Human Resources News & Insights

Catch candidates’ lies: 4 reference check keys

With jobs as scarce as they are, more candidates are exaggerating their skills and experience in an effort to stand out. The best way to separate what’s true from what’s not:

A well-conducted reference check.

Here are four key parts of the reference-checking process that many companies overlook:

1. Find out how well the reference knows that candidate’s work

Reference calls should always include the question, “What were the candidate’s responsibilities?” The purpose is two-fold. First, of course, you want to make sure the candidate gave you an accurate description of his or her experience.

And second, you want to verify that the reference directly supervised the candidate and knows the person’s work well. If the reference can only vaguely describe what the candidate did, you may not want to put that much stock in the rest of the interview.

2. Ask about management style and work environment

A candidate’s reference should be viewed in light of the former supervisor’s management style. Someone could give a glowing review — but that manager could have a completely different style than the head of the department you’re hiring for.

Likewise, learn other details of the company culture to help you judge the candidate’s fit. For example, the candidate may have excelled in a previous position that involved working mostly alone. If teamwork is more important in your position, you may take the review with a grain of salt. Excelling in one environment doesn’t guarantee success in another.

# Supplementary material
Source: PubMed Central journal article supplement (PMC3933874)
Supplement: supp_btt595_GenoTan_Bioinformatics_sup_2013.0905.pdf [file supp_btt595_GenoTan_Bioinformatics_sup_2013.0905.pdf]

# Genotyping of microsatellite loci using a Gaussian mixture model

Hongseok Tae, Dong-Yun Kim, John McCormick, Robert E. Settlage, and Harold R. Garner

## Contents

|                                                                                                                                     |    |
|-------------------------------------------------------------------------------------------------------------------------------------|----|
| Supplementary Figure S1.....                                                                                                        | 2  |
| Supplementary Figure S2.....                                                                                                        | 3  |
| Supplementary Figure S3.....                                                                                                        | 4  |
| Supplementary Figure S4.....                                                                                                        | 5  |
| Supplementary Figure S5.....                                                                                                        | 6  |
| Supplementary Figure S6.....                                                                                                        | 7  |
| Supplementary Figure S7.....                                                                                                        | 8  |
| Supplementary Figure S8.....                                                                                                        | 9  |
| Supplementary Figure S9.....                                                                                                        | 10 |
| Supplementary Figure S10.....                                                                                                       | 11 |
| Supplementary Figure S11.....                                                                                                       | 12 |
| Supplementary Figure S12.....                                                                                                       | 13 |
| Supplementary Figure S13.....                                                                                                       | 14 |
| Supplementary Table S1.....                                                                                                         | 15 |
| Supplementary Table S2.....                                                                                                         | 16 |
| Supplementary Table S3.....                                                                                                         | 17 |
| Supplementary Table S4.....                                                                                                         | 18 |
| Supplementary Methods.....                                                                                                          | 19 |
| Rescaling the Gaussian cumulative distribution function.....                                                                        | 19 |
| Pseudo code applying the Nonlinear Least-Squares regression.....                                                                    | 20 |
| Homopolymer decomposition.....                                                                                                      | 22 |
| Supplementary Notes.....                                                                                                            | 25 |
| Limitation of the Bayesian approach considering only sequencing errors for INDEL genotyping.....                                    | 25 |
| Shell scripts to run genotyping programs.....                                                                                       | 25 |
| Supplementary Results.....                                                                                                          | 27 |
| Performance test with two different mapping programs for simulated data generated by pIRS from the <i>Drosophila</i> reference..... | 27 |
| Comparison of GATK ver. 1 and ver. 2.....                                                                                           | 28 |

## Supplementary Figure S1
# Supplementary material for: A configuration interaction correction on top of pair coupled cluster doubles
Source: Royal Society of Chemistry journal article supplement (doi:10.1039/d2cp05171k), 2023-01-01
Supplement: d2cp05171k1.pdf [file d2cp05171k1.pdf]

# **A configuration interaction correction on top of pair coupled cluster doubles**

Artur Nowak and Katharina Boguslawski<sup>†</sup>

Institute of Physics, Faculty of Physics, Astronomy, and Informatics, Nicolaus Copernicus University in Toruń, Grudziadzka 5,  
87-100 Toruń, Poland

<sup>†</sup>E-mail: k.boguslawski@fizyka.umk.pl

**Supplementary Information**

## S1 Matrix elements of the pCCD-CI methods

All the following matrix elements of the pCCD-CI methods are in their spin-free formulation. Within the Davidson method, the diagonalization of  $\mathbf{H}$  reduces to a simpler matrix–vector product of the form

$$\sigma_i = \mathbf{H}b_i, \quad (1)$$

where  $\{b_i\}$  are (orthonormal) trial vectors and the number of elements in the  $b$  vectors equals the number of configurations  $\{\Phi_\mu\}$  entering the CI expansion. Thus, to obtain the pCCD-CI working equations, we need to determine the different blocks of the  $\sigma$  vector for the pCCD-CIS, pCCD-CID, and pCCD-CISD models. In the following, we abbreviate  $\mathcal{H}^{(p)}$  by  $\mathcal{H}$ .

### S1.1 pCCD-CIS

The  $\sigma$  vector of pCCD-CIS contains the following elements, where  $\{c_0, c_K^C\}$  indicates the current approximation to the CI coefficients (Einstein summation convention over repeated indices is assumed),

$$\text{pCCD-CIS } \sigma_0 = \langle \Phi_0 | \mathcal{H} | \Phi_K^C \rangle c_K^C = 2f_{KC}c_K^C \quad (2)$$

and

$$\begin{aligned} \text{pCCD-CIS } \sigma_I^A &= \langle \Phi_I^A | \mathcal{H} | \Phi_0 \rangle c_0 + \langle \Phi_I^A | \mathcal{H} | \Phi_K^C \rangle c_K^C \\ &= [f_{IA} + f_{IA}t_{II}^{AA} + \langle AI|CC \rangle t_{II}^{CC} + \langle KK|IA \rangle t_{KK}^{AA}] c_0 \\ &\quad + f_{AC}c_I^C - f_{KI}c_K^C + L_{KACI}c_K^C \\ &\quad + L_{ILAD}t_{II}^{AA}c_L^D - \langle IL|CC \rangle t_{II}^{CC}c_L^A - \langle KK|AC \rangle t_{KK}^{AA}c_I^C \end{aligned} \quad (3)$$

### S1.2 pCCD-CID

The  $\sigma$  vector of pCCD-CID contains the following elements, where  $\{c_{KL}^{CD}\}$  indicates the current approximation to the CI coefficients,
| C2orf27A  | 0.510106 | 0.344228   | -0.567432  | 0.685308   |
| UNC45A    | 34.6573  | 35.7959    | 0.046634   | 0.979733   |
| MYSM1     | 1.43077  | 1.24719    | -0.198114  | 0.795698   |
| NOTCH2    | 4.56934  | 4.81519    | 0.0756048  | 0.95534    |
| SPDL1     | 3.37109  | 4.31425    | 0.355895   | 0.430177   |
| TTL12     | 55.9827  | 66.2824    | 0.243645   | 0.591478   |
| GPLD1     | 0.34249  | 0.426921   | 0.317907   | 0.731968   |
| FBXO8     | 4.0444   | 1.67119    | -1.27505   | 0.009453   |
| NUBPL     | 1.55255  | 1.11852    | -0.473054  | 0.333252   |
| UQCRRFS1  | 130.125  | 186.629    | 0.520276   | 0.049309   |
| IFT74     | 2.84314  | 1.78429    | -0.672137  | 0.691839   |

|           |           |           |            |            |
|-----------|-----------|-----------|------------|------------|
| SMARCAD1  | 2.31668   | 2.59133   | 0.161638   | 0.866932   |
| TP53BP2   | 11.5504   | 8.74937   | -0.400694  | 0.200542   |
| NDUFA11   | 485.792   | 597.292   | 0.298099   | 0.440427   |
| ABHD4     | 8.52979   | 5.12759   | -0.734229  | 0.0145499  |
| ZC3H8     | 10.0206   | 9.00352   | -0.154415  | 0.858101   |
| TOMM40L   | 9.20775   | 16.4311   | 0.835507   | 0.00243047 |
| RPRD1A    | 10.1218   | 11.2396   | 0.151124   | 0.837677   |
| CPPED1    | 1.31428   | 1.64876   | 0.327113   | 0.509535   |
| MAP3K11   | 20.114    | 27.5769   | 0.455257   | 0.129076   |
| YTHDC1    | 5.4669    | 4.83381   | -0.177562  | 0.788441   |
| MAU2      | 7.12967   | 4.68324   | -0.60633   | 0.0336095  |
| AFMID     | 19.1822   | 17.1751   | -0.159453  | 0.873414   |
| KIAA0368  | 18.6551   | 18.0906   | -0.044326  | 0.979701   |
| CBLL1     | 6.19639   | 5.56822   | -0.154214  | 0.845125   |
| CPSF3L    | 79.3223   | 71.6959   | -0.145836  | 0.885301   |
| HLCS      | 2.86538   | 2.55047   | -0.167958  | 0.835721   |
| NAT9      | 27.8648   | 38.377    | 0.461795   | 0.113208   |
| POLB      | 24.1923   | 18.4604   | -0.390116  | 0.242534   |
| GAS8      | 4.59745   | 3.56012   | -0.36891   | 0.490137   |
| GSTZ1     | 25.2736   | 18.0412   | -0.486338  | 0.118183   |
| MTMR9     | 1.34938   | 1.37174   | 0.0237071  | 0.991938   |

3. Pay attention to neutral statements

Many companies have policies requiring managers to offer only employment dates and job title. Some of those managers won’t give you any other info no matter how you ask.

But other times, references choose to say nothing — or refuse to say anything negative — on their own. That usually means there’s a problem — a good candidate will get a positive review, not a neutral one. Pay attention to lukewarm responses and ask probing questions when you can.

4. Have the candidate sign a waiver

The reason references are hard to get: Companies are afraid of getting sued. The solution: have the candidate sign a release of legal claims. Many companies will only provide useful information if you have one.

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  1. Every employment attorney I’ve talked to or attended a seminar by in the last several years advises that companies take the neutral reference approach. I hate it myself but since my job is to protect the company’s liability I follow the advise. So #3 above frustrates me since for consistency I have to be neutral on everyone. It does not mean there is a problem in most cases. I always try to probe in case you run across someone who does not listen to their attorney, but with “neutrals” I have to give the benefit of the doubt since that’s how we do our references.

  2. If I asked the person giving a reference if they gave neutral references to everyone and got a yes, that at least would tell me I wasn’t going anywhere with this reference.

  3. as a former employee who was fired , the shame alone is punishment enough, some people deserve a break and do not need any one to give a bad reference, they need a second chance,

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